A Hungarian benefactor living in the US gave our department at the university a check for $2,000. An American check here is worthless. You cannot cash it for less than $60.00 in fees and it takes up to six months. The faculty on the other hand was all salivating at the prospect of spending it. The list included a projector for PowerPoint presentations, an all-in-one fax/copier/scanner, and the list went on. This demanded a faculty meeting to decide how to spend this worthless piece of paper and how to cash it.
While sitting in the meeting fairly disinterested since none of my suggestions were receiving any attention, when it came around to how to cash the check, I felt six pairs of eyes burning into my face. Well here is an idea, we will give it to Ryan and he can deposit it in his US bank account in CA and then give us the money. Oh, boy! Did I NOT like that idea. But, I had them mail the check certified to a friend in CA who deposited into my account. Then the next issue was how to get it back. The options were to take it out in $400.00 increments, my daily ATM allowance from the bank with a $5.00 charge for each plus their ‘we can screw you’ currency conversion charge of 10%. Option two was more fiscally sound. I could shop for what they wanted, pay by credit card and then pay off my credit card immediately with the money in the account. They wisely chose option two for ¾ of the money.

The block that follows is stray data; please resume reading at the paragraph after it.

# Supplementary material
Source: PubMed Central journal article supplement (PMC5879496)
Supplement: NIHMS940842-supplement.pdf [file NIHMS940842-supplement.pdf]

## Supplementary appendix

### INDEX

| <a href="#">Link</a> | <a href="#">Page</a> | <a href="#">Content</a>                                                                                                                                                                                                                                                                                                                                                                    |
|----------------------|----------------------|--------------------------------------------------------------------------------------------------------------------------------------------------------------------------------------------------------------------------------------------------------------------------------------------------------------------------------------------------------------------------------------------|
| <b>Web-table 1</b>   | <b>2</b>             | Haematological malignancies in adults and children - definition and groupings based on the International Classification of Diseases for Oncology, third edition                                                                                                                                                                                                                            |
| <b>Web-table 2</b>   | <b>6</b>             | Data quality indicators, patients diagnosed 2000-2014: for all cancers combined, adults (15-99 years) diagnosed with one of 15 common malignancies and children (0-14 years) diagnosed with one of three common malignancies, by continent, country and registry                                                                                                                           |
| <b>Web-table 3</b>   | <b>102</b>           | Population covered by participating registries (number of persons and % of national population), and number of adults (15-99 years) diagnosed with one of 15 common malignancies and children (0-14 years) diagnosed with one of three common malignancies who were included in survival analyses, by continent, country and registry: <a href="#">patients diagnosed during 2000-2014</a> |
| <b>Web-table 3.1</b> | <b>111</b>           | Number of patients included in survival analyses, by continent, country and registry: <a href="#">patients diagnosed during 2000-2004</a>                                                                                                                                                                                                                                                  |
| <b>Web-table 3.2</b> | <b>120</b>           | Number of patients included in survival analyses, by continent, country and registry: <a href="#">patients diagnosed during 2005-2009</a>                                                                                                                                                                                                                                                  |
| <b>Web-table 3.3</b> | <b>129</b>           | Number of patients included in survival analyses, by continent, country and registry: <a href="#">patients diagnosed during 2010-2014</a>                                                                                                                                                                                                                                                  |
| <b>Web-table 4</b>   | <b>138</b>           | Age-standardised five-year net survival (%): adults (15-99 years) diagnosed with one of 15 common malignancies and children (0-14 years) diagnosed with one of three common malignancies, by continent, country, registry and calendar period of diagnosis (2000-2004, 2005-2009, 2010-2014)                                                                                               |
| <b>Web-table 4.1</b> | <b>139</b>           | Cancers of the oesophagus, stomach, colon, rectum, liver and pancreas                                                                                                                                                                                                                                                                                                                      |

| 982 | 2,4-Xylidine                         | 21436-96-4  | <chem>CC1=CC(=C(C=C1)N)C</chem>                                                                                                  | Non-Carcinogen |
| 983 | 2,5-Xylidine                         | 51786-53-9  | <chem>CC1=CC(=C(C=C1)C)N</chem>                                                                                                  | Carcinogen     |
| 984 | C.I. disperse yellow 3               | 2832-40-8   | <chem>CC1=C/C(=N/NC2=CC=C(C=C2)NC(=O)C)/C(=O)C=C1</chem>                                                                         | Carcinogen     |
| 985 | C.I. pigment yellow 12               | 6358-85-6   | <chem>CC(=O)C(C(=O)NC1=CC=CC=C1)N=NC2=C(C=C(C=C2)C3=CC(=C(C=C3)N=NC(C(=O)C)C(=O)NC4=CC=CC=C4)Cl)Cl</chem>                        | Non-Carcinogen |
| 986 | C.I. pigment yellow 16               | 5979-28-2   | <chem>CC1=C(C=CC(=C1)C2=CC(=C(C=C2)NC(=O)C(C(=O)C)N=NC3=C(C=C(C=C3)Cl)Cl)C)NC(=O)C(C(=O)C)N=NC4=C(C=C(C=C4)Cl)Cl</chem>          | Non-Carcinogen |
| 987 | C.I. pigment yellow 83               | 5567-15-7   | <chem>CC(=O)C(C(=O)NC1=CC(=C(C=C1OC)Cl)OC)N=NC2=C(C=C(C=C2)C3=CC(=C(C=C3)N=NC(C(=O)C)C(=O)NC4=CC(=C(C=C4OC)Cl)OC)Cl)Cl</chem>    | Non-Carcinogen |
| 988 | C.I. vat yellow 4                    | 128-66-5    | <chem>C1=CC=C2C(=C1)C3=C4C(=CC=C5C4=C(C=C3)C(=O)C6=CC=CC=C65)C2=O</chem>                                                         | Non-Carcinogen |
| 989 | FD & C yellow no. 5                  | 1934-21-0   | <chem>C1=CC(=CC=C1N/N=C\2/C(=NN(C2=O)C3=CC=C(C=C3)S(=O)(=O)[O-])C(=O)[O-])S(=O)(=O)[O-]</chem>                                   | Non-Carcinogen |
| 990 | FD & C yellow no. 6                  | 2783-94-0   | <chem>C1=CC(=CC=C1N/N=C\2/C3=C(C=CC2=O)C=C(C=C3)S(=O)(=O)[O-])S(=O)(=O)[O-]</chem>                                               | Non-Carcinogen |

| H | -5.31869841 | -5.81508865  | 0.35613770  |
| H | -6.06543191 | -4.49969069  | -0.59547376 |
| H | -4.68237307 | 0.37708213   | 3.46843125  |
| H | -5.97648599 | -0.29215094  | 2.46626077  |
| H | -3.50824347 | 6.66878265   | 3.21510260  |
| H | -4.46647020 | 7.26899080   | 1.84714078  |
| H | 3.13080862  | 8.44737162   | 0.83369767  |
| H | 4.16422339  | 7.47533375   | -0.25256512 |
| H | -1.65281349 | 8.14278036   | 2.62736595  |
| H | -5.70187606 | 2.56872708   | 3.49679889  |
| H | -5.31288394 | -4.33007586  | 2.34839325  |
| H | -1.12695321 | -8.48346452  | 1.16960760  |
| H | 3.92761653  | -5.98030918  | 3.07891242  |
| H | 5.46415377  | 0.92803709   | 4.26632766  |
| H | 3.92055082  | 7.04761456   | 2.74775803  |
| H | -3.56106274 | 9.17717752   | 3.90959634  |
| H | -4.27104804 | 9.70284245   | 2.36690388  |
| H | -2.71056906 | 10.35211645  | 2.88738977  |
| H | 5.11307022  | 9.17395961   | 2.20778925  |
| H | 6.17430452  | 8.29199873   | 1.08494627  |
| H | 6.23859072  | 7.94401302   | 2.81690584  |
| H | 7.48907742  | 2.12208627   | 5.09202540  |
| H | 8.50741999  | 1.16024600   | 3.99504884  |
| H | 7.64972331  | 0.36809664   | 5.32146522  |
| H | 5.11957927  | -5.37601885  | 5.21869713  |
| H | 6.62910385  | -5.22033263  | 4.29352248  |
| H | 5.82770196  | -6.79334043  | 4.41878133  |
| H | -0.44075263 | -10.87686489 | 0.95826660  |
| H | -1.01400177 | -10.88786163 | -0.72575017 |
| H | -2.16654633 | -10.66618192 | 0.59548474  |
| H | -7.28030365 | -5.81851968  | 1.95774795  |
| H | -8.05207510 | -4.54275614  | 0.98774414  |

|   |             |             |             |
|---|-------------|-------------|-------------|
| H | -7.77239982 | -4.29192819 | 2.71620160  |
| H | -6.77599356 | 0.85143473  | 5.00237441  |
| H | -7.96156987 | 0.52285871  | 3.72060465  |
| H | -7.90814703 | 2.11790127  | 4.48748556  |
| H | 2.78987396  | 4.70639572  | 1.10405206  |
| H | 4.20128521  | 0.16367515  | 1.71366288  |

However, the patron gave them yet another check for another $2,000. My nightmare all over again, but this time they wanted it in cash. Yikes! It seemed like a brainstorm to get a cash advance from the ATM on a credit card. I took out the max equivalent of $1,000.00 and shoved it into a pocket in my wallet. I would do this in two installments; after all, they were dependent on my generosity to get the cash either way. They would just have to wait for the cash sequel.
So I have this thick wad of Hungarian forint bills stuffed in my wallet and I am heading to the metro. This was one of those days when the ticket inspectors were checking tickets before you could attempt to get on the escalator to the trains. They mob up there like defensive guards at a sporting event. Traffic is slowed to a snail’s pace and everyone is suddenly in a hurry even if they were not five minutes before. Not being concerned, having my annual pass, I open my wallet to display it as I go gliding by onto the moving stairway. I am bumped in the back by the next anxious passenger throwing me forward as I am trying to put my wallet back in my backpack. That does not happen, though. The wallet goes flying into the air, gravity and airflow of the escalator tunnel pulling it open and forint bills go flying through the air like confetti at a wedding. A thousand dollars of forints are traveling faster than I am and in all directions. People going down are angry and disappointed that those on their way up have the catcher’s advantage and the best escape. I immediately visualize wrestling Hungarians to the ground or getting a second job to recoup this money.
When I finally reach the lower level, my reverie comes to an end, I loosen the tight grip on my wallet and put it snuggly into my backpack thinking of what could have been.